Anthropogenic climate change is responsible, beyond reasonable doubt. It is just barely possible that a previously unknown mechanism will be found that explains what has happened. That would be akin to finding out alpha is not constant throughout the universe.
Actually, given that there are String Theories that predict a variable alpha, such a discovery would be less surprising. For the current warming epoch not to have an anthropogenic cause, everything we know about climate would have to be wrong–and there is NO coherent alternative theory.
Espen’s meanderings above demonstrate how the term “skeptic” is frequently misused.
It is NOT skeptical to question one dataset yet accept another with open arms, without question. It is using confirmation-bias to drive a non-scientific, political agenda. Yet time and again this is what we see. “Skeptic” has to be the most abused word in the dictionary!
Cheers – John
BPL human agriculture is not going to collapse due to warming even with 10 billion people. I was a ‘warmist’ for years but now I see how the ‘science’ is severely flawed and that is from the training, science classes, field work, etc… not from guesses and speculation.
[Response: How nice of you to dismiss a mountain range of evidence gathered over a more than a century and studied by the world’s most knowledgeable experts — as well as the laws of physic themselves — as “guesses and speculation.” Enjoy your time in fantasyland.]
One is never sure, by definition, but I believe what we have here is a lost locust from the WUWT swarm. The chittering noise is unmistakable.
Adam R. wrote:
I believe we have a winner!
And here I stand, stuck in the middle between two nutters.
BPL is probably right about the eventual collapse of human agriculture. But he thinks it will be a massive global catastrophe, and will happen not only in our lifetime, but very soon. To me, that sounds like the babblings of a fundamentalist predicting the Second Coming. It’s not supported by the data or any sane analysis I have ever seen.
Then on the other hand, we have Jacob “it’s not happening it’s not happening” Mack. He can’t tell the difference between a possibility and a certainty. He has no concept of science and a poor grasp of data, but like BPL, thinks his version of reality is better than anything.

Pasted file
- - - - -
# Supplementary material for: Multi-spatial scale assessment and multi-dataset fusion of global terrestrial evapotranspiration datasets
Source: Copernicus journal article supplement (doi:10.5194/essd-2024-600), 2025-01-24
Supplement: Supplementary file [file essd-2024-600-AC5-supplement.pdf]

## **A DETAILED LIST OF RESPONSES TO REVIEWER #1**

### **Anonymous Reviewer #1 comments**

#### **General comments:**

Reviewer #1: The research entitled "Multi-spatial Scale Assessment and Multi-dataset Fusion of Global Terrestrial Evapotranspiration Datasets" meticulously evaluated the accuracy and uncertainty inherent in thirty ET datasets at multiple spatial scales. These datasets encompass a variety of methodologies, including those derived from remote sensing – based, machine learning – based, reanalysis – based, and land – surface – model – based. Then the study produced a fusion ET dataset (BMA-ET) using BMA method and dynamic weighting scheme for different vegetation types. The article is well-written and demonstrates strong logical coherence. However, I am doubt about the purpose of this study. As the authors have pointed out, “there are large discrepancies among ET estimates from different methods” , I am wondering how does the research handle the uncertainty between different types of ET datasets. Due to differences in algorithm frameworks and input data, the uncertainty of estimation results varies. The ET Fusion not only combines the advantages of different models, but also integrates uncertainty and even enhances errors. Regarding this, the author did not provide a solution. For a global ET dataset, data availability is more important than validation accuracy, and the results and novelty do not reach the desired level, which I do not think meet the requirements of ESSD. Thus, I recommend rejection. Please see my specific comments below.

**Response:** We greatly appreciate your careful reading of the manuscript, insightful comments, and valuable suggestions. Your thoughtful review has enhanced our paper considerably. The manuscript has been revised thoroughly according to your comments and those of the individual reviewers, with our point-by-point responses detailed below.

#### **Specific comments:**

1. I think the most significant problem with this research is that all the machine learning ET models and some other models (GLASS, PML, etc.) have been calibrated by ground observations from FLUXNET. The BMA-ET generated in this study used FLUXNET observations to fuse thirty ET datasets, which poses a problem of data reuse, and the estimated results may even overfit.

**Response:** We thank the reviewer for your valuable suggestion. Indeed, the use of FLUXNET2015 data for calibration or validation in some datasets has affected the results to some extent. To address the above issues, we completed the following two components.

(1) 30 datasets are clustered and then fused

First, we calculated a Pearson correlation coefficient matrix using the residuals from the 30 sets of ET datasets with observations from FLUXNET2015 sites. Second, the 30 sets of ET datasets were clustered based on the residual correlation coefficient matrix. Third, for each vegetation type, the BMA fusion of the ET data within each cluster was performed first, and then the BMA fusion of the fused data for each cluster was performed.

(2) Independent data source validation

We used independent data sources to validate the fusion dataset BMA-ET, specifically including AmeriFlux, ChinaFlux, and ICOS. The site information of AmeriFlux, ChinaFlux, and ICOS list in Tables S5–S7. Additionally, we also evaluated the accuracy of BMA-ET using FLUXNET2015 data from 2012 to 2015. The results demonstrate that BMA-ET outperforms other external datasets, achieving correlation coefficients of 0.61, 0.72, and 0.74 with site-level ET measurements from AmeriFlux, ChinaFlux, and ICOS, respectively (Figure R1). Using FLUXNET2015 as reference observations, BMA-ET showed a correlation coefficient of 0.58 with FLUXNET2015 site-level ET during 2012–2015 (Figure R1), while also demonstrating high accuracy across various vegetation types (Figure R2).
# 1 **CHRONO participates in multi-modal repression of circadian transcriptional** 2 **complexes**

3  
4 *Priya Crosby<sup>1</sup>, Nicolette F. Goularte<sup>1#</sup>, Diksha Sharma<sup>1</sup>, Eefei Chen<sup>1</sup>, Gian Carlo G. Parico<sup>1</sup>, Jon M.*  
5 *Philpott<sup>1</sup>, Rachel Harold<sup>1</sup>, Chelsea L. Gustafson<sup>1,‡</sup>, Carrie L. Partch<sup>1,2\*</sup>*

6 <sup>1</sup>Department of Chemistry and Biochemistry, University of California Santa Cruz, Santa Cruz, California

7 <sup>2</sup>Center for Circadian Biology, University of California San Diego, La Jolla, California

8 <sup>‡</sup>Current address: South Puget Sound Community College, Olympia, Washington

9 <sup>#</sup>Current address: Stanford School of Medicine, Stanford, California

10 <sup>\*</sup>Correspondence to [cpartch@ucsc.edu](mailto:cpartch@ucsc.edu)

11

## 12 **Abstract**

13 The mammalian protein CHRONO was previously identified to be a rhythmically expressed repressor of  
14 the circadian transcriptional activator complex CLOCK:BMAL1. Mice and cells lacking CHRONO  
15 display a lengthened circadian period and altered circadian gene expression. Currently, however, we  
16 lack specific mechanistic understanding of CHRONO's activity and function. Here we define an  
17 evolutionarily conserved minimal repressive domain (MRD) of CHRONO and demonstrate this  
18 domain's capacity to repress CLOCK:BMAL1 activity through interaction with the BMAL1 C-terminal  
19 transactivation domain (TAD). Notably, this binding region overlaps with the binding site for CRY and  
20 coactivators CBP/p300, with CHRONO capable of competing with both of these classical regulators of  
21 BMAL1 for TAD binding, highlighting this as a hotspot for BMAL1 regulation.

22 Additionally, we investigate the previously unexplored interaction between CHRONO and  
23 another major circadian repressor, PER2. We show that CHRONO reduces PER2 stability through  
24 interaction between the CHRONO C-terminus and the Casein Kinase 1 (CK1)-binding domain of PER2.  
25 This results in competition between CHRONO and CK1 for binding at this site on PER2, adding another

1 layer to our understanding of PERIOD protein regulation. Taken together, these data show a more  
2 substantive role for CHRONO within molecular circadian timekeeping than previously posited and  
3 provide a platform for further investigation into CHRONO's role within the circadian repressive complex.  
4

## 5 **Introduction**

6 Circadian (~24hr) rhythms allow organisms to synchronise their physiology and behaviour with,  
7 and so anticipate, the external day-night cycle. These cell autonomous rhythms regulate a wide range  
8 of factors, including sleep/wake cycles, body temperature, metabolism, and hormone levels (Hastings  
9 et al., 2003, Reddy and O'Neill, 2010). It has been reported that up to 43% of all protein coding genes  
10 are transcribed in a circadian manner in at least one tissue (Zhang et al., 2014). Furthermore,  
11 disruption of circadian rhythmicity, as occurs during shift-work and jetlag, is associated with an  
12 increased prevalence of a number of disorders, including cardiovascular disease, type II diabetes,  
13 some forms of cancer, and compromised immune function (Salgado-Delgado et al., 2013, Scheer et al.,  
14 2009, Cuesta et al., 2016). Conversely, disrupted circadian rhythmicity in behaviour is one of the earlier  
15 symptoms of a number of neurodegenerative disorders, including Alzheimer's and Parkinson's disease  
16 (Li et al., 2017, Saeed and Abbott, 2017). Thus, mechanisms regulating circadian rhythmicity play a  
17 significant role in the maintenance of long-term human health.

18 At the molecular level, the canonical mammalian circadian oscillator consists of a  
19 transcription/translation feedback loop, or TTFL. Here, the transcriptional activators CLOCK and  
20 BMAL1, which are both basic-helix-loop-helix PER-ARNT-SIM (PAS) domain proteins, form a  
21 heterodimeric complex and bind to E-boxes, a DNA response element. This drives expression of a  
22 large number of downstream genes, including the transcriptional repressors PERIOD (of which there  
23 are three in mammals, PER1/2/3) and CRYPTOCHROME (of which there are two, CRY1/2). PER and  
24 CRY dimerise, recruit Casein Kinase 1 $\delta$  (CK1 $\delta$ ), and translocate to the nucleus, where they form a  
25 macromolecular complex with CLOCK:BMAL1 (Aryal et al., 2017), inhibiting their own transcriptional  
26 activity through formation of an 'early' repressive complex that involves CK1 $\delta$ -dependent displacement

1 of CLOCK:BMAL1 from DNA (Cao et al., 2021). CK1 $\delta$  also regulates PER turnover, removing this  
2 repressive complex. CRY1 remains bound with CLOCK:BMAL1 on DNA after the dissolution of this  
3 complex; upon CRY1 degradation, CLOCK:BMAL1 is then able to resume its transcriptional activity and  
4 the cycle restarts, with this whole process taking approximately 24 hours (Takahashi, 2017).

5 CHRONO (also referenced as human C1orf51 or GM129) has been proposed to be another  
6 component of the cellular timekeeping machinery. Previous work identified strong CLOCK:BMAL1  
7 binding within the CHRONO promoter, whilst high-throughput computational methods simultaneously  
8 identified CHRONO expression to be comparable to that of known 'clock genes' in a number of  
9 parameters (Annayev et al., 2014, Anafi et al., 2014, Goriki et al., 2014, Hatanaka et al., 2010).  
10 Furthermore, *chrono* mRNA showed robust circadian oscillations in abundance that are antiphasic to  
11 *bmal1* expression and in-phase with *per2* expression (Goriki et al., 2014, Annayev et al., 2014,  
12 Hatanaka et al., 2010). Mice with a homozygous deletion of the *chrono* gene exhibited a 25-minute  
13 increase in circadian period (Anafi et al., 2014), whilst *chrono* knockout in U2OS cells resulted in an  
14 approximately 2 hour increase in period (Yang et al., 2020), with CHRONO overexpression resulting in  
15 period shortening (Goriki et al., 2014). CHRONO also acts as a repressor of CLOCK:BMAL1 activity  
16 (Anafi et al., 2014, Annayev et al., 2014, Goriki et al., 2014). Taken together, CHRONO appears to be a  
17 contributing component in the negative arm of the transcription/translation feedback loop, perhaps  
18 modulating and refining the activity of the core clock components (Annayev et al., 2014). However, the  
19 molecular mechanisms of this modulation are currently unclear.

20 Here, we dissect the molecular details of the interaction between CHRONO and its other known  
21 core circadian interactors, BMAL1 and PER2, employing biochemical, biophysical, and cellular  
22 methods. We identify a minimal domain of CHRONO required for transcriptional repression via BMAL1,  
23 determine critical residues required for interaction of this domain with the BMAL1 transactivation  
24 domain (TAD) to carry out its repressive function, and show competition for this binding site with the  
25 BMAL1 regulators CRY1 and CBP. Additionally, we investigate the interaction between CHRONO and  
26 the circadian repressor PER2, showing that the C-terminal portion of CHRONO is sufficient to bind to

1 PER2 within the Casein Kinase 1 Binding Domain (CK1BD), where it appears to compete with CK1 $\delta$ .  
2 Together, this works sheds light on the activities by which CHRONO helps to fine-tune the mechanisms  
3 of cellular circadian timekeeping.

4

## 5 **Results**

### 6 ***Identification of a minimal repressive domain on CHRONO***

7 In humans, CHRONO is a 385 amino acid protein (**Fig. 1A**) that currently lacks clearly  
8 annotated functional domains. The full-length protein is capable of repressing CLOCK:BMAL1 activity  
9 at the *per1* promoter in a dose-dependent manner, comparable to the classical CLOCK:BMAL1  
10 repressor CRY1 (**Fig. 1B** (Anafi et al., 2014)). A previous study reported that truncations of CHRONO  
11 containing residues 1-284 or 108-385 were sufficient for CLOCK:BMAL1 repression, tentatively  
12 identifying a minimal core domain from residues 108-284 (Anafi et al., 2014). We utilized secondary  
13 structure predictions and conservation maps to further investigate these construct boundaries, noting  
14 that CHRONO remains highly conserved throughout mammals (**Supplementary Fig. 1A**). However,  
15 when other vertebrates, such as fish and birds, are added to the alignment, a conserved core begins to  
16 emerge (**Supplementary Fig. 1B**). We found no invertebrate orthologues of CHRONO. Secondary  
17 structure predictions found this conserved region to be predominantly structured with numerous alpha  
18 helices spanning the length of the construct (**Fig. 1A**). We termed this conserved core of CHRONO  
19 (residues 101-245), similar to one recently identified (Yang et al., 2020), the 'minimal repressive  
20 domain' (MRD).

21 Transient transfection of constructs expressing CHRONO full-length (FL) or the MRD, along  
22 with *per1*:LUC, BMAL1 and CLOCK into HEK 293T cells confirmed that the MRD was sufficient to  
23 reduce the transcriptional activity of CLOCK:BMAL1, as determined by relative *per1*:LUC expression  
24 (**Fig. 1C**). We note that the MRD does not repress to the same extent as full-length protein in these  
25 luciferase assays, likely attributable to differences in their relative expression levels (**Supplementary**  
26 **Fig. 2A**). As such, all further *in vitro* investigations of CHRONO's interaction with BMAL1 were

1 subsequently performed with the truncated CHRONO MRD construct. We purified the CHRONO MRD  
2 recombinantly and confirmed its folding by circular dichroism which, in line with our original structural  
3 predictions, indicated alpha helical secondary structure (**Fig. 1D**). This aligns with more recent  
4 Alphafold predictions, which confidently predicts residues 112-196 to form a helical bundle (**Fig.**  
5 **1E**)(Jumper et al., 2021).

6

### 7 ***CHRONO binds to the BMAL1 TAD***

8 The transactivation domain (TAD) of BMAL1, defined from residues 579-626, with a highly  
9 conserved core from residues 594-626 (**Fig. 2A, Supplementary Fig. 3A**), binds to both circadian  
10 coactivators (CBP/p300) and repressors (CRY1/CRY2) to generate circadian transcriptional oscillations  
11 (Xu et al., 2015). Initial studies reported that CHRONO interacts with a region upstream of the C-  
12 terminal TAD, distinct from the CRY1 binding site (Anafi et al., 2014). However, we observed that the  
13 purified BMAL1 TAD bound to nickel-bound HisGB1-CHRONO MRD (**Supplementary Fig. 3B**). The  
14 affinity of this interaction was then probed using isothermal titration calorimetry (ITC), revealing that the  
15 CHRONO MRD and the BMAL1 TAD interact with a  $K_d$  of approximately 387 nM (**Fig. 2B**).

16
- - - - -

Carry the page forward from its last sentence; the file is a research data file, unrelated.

Why do we bother? I have no problem with insane. It’s wilfully stupid I can’t stand.
[Response: I’m uncertain about the future possibility of massive drought, but I suspect BPL might be correct.]
Remember, we do not face solely the problem of climate change. The climate is changing as human population reaches its peak of 10 billion (probably mid century) AND as we further damage the globe’s carrying capacity (by depleting aquifers, causing fisheries to collapse, depleting topsoil) trying to meet food and energy needs for that number AND as we deplete the most easily exploitable energy sources–fossil fuels. In some of these areas (e.g. resource depletion and aquifer destruction), we are permanently damaging the planet as it has never been damaged before. I do not care to speculate as to timescale, but it does look to me as if human civilization is at risk.
Oh yes, human civilisation is definitely at risk. But BPL completely fails to take into account things such as water management. There is a huge difference between an unmanaged water supply under water stress, leading to major drought, and a managed water supply where water is moved long distances, and rationed in order to keep food supplies safe. I’m not saying that scenario doesn’t involve some downsides. But there is no way we are going down without a fight, and treating the worst case as the only possible case is just idiotic.
It’s developing countries that will feel the pain first. Without water management, and without huge sums of money to throw at the problem, there is no way out. But there won’t be any abrupt collapse. These countries already suffer from these problems, and more besides. We will see more conflict, more famine, more refugees. But even at the top end of IPCC projections, developed countries in temperate regions will be able to mitigate for the next 50 years at least.
I’m not a denier. We need to act now to prevent vast problems a century from now. But I’m not an idiot, either. Global warming isn’t going to kill us all next week. And if BPL is right with his unlikely predictions, then the IPCC is very, very wrong. Is it possible BPL knows more than all those scientists? Is it likely? BPL would be the first to mock any denier pulling the same stunt, so I say he should be held to the same standard.